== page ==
Much ink (or bandwidth) has been expended writing about the tenth anniversary of the U.S. government’s invasion of Iraq. That is justified, for the Iraq war was an act of naked aggression and a crime against humanity.
While apologists for the Bush administration have cited “bad intelligence” or even incompetence as an excuse for what the late Major General William Odom called “the greatest strategic disaster in American history,” such claims cannot withstand scrutiny. The evidence is overwhelming that George W. Bush and his henchmen cooked intelligence in building their case for the invasion and knowingly lied the country into an unnecessary war. The enormity of this crime is compounded by the fact that the war plunged Iraq, a nation already ravaged by a 12-year-long economic embargo, into a bloodbath that cost the lives of at least a hundred thousand civilians and displaced millions more.
Now, some claim that it is not fair to hold the Bush administration responsible for all the horrors that unfolded in the aftermath of the U.S. invasion. But that really is no defense. As the Nuremburg tribunal declared, “To initiate a war of aggression … is not only an international crime; it is the supreme international crime, differing only from other war crimes in that it contains within itself the accumulated evil of the whole.”
And by any reasonable standard, the invasion the U.S. government launched against Iraq on March 19, 2003, constituted a war of aggression. Iraq had never attacked the United States, nor did she pose a conceivable threat to the nation.
In 1945, the victorious Allied forces established the Nuremburg tribunal to prosecute the surviving leadership of the Third Reich for their wars of aggression. In so doing, the tribunal promulgated what came to be known as the Nuremburg Principles, spelling out what constituted “crimes against peace.” They were as follows:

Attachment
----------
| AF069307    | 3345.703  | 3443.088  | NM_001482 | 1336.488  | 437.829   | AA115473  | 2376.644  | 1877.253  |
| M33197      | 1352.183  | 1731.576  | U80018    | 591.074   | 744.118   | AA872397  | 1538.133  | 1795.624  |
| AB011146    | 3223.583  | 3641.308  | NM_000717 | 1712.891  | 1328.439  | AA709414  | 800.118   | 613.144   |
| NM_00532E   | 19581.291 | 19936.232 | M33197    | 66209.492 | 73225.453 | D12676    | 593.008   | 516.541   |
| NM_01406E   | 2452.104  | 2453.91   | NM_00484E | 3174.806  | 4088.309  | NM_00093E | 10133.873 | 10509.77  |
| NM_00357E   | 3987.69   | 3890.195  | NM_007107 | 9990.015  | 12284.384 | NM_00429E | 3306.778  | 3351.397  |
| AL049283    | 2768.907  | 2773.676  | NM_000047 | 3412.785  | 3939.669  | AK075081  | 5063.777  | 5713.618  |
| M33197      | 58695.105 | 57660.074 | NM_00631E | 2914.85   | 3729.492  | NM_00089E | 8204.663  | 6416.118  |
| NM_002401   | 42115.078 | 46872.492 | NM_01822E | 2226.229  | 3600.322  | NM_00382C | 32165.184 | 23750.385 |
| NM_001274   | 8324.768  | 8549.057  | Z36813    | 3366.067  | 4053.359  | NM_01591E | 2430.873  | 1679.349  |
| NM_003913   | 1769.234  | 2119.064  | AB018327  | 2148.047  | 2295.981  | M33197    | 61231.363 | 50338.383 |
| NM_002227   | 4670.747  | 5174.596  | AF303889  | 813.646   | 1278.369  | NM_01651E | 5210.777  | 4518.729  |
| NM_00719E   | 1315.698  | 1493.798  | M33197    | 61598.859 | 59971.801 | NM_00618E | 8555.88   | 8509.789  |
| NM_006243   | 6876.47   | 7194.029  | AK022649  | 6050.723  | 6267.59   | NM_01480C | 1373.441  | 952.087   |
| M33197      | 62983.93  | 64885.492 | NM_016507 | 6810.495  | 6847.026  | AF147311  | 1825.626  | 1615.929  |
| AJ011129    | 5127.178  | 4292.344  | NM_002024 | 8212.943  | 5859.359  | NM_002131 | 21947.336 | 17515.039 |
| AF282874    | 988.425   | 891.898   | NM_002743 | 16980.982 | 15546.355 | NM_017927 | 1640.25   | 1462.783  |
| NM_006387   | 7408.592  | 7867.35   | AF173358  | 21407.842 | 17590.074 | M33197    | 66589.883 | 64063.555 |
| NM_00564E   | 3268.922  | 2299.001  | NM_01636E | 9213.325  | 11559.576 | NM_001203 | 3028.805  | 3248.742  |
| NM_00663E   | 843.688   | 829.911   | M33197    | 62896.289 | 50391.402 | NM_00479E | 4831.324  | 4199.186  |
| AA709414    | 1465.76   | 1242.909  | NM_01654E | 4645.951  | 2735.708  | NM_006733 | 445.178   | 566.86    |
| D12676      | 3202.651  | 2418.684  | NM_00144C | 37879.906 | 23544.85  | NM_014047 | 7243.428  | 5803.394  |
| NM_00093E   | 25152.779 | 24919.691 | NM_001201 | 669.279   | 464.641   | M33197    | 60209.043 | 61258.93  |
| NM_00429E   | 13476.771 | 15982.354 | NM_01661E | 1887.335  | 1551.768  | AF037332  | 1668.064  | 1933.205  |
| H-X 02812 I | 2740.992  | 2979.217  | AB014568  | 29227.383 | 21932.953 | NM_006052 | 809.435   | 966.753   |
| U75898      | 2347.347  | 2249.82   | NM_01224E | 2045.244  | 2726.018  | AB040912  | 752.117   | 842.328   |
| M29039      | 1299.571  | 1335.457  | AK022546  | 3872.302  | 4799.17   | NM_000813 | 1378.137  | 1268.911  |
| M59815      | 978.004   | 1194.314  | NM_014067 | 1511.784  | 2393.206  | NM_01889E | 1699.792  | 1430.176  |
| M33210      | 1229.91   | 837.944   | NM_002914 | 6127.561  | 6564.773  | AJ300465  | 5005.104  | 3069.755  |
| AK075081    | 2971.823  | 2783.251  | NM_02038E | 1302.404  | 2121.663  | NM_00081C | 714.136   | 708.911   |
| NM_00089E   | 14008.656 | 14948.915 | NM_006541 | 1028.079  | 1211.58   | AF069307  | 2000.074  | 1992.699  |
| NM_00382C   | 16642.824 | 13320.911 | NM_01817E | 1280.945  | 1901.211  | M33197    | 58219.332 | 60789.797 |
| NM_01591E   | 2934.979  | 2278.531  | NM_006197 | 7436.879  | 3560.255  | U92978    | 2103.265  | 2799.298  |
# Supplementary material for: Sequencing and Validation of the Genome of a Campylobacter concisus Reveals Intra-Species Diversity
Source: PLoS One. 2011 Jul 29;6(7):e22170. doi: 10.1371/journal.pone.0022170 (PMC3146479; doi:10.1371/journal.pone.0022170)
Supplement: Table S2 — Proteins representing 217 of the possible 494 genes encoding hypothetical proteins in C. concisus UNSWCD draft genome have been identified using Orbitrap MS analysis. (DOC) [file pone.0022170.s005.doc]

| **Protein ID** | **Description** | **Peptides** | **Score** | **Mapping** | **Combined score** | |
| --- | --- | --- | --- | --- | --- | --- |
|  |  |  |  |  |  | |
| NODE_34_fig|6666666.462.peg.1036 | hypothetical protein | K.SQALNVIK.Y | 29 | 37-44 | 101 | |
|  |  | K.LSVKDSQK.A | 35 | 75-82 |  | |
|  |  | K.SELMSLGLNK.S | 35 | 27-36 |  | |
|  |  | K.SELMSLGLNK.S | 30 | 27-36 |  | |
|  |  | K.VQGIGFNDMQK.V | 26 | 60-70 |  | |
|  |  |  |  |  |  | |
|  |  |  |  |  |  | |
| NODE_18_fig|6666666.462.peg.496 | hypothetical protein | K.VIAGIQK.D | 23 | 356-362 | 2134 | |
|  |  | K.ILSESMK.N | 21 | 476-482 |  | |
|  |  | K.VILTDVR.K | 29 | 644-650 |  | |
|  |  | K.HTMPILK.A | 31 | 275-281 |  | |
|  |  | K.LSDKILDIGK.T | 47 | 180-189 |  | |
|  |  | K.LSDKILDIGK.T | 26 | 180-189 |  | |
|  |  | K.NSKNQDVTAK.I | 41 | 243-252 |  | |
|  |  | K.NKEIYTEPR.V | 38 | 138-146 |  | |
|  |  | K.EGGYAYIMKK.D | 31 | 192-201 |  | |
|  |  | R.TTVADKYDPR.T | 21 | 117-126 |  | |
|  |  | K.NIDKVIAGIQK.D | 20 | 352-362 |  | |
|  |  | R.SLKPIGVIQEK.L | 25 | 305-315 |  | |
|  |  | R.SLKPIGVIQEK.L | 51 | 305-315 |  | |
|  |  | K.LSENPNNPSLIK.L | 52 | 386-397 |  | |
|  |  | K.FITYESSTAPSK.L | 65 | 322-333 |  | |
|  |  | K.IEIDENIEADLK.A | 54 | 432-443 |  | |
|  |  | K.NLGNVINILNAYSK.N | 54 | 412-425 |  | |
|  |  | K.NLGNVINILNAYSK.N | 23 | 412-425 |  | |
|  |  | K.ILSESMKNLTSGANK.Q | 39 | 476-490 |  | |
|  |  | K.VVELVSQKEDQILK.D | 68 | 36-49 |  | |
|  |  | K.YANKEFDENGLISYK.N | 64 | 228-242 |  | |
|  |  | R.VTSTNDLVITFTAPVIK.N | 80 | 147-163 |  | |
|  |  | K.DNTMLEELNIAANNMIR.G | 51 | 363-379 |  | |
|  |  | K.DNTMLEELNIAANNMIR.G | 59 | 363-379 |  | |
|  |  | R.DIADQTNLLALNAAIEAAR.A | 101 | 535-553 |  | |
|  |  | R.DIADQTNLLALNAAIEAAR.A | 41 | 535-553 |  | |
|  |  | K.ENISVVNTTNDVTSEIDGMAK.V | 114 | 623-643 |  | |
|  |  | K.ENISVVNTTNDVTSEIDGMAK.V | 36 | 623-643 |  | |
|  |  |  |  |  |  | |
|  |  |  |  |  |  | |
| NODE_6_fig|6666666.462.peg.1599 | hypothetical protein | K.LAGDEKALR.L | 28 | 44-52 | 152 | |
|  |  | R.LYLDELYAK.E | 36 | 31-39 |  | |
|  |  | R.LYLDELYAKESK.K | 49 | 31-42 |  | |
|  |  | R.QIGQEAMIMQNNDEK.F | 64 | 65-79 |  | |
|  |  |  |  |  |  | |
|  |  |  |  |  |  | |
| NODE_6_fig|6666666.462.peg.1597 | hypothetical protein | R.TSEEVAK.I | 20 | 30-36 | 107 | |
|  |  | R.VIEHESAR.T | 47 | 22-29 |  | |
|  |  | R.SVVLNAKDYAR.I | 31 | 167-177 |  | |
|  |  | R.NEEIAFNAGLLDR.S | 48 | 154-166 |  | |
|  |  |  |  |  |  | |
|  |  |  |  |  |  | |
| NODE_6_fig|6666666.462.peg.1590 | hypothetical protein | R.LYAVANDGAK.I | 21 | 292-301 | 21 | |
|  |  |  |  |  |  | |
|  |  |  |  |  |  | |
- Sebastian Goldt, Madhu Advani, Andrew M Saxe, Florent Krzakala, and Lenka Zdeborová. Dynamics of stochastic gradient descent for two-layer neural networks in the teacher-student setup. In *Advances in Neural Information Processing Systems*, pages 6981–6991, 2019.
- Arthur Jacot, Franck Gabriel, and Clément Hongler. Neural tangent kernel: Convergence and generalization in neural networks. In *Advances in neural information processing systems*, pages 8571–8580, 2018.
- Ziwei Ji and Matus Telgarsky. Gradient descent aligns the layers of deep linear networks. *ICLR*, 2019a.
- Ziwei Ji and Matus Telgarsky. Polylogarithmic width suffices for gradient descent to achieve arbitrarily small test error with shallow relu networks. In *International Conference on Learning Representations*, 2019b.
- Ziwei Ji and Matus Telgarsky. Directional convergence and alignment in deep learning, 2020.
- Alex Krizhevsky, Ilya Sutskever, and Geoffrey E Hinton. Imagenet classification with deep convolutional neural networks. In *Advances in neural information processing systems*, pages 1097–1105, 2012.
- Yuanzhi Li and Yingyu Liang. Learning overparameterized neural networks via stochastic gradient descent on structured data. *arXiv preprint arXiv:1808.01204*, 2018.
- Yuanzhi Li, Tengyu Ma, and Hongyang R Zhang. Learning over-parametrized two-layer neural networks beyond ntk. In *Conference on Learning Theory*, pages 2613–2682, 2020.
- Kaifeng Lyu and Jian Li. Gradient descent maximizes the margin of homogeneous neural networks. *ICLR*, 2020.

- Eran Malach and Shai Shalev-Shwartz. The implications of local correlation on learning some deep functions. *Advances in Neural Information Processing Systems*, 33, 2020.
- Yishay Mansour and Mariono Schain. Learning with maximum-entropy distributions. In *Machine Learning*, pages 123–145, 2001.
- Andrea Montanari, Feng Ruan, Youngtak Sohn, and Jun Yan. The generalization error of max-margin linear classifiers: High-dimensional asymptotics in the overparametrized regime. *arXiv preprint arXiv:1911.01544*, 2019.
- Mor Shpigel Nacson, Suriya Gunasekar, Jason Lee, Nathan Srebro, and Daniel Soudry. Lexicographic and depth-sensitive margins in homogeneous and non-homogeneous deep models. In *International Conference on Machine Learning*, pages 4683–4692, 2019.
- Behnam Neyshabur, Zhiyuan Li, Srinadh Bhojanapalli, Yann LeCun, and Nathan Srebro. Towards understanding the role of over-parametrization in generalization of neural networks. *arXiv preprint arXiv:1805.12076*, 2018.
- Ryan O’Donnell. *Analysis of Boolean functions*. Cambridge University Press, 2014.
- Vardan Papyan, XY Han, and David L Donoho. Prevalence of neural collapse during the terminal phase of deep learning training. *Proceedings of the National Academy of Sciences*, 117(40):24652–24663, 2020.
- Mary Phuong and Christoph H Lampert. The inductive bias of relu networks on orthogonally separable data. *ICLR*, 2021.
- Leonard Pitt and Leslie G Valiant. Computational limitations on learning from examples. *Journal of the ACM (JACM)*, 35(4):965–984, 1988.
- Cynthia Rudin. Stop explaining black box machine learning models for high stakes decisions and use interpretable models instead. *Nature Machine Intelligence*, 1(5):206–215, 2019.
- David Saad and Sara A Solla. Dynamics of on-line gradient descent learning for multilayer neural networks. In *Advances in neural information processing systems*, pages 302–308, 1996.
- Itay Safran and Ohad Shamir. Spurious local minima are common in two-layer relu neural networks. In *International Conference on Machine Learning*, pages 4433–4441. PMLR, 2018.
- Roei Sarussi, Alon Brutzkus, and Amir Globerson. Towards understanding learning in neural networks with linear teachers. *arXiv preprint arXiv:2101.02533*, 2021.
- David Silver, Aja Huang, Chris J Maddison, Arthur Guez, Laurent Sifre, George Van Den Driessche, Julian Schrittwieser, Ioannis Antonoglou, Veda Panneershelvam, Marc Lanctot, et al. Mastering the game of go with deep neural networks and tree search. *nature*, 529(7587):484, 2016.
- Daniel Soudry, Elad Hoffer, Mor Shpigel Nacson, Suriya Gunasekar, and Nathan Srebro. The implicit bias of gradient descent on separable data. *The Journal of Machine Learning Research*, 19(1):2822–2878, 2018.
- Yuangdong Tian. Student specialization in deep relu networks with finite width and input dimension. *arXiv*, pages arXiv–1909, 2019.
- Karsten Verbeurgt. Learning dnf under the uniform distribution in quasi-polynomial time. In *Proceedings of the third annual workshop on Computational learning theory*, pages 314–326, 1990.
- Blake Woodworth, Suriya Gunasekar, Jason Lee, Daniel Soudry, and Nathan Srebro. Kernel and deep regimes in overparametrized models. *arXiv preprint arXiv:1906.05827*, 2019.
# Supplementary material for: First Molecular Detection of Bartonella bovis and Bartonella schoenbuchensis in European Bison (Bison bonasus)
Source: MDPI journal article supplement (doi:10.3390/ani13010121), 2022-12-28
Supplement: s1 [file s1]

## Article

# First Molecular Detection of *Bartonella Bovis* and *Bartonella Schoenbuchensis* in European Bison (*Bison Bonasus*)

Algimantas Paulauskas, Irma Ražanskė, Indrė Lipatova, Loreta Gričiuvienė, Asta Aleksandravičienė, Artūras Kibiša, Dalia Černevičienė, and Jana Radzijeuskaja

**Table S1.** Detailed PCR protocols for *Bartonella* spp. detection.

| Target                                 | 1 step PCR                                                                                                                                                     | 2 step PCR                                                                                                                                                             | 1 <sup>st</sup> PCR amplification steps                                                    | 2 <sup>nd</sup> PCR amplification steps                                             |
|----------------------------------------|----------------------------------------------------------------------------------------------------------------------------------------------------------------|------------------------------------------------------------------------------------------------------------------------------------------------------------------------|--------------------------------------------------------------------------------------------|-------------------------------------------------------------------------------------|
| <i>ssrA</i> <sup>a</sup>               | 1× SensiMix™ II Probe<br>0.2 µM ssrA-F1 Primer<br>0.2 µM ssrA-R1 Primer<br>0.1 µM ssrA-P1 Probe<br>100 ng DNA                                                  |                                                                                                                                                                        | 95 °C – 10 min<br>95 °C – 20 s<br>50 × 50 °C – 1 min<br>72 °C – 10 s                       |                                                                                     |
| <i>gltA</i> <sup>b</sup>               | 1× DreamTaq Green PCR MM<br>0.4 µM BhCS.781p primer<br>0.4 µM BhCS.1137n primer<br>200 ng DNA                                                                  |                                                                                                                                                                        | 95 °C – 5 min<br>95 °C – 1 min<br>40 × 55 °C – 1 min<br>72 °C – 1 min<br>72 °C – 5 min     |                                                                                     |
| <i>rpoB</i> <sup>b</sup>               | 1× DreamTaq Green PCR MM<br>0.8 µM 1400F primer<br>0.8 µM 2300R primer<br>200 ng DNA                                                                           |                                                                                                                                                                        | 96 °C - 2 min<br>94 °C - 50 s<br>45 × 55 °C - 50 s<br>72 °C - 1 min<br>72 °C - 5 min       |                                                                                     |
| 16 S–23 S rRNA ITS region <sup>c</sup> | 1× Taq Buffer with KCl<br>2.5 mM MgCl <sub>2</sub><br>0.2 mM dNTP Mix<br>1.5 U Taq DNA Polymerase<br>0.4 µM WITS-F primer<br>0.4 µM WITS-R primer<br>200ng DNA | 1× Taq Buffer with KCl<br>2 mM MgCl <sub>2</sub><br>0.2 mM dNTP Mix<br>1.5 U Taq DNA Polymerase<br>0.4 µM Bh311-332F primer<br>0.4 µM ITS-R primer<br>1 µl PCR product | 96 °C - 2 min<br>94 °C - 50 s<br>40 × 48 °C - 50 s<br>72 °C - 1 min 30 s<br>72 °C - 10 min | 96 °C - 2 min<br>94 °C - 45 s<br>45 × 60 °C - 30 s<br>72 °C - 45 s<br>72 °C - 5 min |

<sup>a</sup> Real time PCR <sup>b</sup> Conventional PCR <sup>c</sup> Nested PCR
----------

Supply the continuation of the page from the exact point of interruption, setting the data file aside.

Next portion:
(i) Planning, preparation, initiation or waging of a war of aggression or a war in violation of international treaties, agreements or assurances; (ii) Participation in a common plan or conspiracy for the accomplishment of any of the acts mentioned under (i).
A dispassionate reading of these principles leads one to the inescapable conclusion that several principal members of the Bush II administration, including George W. Bush himself, are guilty of having committed crimes against the peace and therefore could be prosecuted.
So, what are the odds that Bush, Cheney, Rumsfeld, et al., will ever stand trial for their war crimes? Very slim.
The primary reason the surviving Nazi leaders found themselves in the docks and soon swinging from the gallows was that their side had suffered total defeat. In the final analysis, the judgment rendered at Nuremburg was victor’s justice. It would appear that international law, like all law, is selectively enforced.
All too many Americans believe that their political leaders, no matter how corrupt and venal, cannot be guilty of war crimes for the simple fact that they are Americans. To even contemplate the prosecution of a former president or secretary of state of the “greatest country on the face of the earth” is considered beyond the pale. Perhaps this is the true meaning of “American exceptionalism.”